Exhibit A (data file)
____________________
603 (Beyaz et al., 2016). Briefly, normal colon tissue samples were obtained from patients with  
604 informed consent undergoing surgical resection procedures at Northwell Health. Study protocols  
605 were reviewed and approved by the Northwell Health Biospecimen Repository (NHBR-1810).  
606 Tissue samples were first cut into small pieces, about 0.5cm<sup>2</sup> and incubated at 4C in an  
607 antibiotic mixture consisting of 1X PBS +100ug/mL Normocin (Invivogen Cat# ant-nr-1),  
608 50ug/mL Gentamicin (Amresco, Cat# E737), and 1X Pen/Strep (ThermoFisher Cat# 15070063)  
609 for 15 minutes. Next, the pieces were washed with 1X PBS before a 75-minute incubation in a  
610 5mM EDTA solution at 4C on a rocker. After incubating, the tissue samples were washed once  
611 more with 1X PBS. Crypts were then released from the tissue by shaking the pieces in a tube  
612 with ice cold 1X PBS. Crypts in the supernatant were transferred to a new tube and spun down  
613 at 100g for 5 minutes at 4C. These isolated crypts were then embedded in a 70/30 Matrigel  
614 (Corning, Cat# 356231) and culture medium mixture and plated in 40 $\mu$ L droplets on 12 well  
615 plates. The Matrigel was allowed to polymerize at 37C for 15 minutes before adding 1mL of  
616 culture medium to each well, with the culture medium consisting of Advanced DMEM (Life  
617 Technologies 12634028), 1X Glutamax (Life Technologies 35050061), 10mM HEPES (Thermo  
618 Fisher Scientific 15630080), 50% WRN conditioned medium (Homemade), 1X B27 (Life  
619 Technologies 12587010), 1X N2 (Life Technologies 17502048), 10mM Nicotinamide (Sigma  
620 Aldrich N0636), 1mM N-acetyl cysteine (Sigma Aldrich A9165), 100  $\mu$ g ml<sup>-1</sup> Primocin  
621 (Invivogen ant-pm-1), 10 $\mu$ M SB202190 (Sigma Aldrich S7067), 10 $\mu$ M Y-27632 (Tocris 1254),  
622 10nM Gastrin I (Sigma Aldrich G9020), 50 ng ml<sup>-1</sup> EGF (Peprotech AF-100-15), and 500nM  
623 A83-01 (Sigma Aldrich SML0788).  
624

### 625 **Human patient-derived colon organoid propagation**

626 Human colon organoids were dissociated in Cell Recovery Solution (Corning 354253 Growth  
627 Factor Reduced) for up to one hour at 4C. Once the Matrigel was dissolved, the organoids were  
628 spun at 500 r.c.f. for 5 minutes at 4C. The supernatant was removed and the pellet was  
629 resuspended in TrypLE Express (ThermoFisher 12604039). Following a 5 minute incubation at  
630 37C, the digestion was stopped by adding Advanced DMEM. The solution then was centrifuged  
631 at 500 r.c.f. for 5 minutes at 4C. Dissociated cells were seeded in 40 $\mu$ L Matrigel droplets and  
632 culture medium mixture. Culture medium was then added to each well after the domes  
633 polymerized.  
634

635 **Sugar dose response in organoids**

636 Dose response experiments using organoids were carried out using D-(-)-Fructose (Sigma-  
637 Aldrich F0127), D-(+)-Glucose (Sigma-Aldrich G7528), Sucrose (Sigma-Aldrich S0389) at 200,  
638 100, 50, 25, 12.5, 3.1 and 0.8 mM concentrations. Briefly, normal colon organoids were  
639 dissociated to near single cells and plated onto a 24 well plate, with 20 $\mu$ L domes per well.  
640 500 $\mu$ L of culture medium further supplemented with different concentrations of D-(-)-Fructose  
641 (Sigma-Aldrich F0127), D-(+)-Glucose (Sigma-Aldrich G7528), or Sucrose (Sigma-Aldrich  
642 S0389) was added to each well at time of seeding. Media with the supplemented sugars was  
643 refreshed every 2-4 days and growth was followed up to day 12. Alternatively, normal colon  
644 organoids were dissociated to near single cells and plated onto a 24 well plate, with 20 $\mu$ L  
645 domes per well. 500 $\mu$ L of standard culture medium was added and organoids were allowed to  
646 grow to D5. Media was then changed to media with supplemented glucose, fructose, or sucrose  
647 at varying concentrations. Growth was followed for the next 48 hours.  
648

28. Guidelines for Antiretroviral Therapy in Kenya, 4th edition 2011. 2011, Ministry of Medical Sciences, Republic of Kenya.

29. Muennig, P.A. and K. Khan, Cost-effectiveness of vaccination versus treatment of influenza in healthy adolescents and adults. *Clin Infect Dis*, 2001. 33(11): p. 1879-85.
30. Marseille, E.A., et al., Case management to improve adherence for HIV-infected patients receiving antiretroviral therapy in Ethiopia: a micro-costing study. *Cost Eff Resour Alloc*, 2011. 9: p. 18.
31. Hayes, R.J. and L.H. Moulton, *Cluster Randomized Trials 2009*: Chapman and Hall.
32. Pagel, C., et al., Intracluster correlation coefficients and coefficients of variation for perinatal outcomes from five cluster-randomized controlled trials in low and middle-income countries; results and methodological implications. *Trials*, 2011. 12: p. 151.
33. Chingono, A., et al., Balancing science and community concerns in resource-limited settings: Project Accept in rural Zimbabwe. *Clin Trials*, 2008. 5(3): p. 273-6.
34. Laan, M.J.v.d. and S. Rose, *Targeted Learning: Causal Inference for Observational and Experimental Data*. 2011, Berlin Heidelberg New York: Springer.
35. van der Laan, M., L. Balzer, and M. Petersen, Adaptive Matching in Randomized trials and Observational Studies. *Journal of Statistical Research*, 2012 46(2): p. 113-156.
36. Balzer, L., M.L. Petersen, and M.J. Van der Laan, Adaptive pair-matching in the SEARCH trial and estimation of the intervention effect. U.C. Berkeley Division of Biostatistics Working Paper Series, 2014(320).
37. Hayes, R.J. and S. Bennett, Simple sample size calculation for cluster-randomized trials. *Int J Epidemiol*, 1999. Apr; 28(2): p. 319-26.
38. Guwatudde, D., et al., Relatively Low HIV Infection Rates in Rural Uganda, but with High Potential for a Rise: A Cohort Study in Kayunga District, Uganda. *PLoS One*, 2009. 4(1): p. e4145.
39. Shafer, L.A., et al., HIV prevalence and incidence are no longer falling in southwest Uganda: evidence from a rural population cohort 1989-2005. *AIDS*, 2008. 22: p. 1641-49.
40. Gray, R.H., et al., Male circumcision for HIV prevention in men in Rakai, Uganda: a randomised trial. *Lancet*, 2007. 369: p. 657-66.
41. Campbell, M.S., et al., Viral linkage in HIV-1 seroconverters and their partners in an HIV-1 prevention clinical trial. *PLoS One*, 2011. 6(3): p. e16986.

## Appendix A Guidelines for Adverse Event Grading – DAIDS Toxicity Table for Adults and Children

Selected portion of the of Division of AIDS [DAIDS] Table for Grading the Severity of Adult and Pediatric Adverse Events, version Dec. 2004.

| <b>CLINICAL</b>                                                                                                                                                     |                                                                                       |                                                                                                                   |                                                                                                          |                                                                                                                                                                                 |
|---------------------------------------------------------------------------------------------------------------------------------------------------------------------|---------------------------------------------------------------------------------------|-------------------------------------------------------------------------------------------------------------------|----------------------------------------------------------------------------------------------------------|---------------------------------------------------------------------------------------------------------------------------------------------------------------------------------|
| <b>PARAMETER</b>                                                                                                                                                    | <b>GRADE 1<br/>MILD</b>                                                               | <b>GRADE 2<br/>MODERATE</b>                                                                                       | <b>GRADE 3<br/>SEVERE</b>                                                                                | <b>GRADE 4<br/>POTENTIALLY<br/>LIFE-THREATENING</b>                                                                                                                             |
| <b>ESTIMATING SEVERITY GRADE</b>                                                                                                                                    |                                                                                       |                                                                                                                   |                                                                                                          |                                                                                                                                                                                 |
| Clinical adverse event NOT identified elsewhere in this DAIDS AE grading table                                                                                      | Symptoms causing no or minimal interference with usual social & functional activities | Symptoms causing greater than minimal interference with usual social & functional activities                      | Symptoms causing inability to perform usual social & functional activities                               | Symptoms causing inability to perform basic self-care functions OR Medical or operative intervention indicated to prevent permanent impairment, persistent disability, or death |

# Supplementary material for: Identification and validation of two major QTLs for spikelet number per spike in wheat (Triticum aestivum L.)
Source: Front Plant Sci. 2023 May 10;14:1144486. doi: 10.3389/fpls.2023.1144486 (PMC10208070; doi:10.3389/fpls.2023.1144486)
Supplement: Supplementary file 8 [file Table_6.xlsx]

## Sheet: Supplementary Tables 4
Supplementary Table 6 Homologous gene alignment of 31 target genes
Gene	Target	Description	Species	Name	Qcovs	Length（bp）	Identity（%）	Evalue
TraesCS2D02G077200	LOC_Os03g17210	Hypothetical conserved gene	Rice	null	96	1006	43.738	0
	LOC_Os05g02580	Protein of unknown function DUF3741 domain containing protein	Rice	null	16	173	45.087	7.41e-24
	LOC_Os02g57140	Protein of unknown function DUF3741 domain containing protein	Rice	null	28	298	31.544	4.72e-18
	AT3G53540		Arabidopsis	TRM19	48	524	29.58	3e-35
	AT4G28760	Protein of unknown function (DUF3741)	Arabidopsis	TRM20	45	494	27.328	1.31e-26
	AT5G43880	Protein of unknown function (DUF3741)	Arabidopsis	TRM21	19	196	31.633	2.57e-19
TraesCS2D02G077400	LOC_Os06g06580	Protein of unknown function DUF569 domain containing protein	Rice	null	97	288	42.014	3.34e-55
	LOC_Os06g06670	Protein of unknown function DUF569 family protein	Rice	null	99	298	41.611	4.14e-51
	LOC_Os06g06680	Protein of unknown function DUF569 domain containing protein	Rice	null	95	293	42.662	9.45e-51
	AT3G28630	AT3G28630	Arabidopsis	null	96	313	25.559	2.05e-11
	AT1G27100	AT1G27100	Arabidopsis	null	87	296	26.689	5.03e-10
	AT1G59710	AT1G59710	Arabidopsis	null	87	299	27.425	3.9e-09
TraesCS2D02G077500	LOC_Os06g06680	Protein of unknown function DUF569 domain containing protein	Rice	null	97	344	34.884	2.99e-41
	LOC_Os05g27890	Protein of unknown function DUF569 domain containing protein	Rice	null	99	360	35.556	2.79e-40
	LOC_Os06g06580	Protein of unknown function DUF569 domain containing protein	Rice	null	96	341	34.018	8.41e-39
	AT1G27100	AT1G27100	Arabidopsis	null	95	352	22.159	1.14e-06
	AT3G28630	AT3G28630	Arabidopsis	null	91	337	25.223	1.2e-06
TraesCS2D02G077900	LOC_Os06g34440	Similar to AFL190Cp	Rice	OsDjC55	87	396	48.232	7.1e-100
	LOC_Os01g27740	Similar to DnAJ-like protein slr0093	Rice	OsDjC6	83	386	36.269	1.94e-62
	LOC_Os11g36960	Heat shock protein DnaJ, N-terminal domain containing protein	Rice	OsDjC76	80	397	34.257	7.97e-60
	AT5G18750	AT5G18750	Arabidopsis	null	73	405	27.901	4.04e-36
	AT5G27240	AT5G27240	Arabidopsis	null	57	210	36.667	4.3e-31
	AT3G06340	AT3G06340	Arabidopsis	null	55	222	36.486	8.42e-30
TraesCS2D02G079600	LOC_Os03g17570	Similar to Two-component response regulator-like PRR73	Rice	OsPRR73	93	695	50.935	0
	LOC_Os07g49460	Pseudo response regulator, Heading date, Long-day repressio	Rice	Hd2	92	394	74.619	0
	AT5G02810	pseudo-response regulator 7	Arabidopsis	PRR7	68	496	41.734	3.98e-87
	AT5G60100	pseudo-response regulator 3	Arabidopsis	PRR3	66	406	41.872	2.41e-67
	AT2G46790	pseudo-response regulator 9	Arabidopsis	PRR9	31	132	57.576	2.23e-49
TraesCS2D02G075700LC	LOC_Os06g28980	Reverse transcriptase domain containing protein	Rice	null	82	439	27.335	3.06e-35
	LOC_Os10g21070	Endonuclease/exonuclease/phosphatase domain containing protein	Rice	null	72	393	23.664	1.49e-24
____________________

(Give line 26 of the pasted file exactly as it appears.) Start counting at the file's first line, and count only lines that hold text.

628 spun at 500 r.c.f. for 5 minutes at 4C. The supernatant was removed and the pellet was  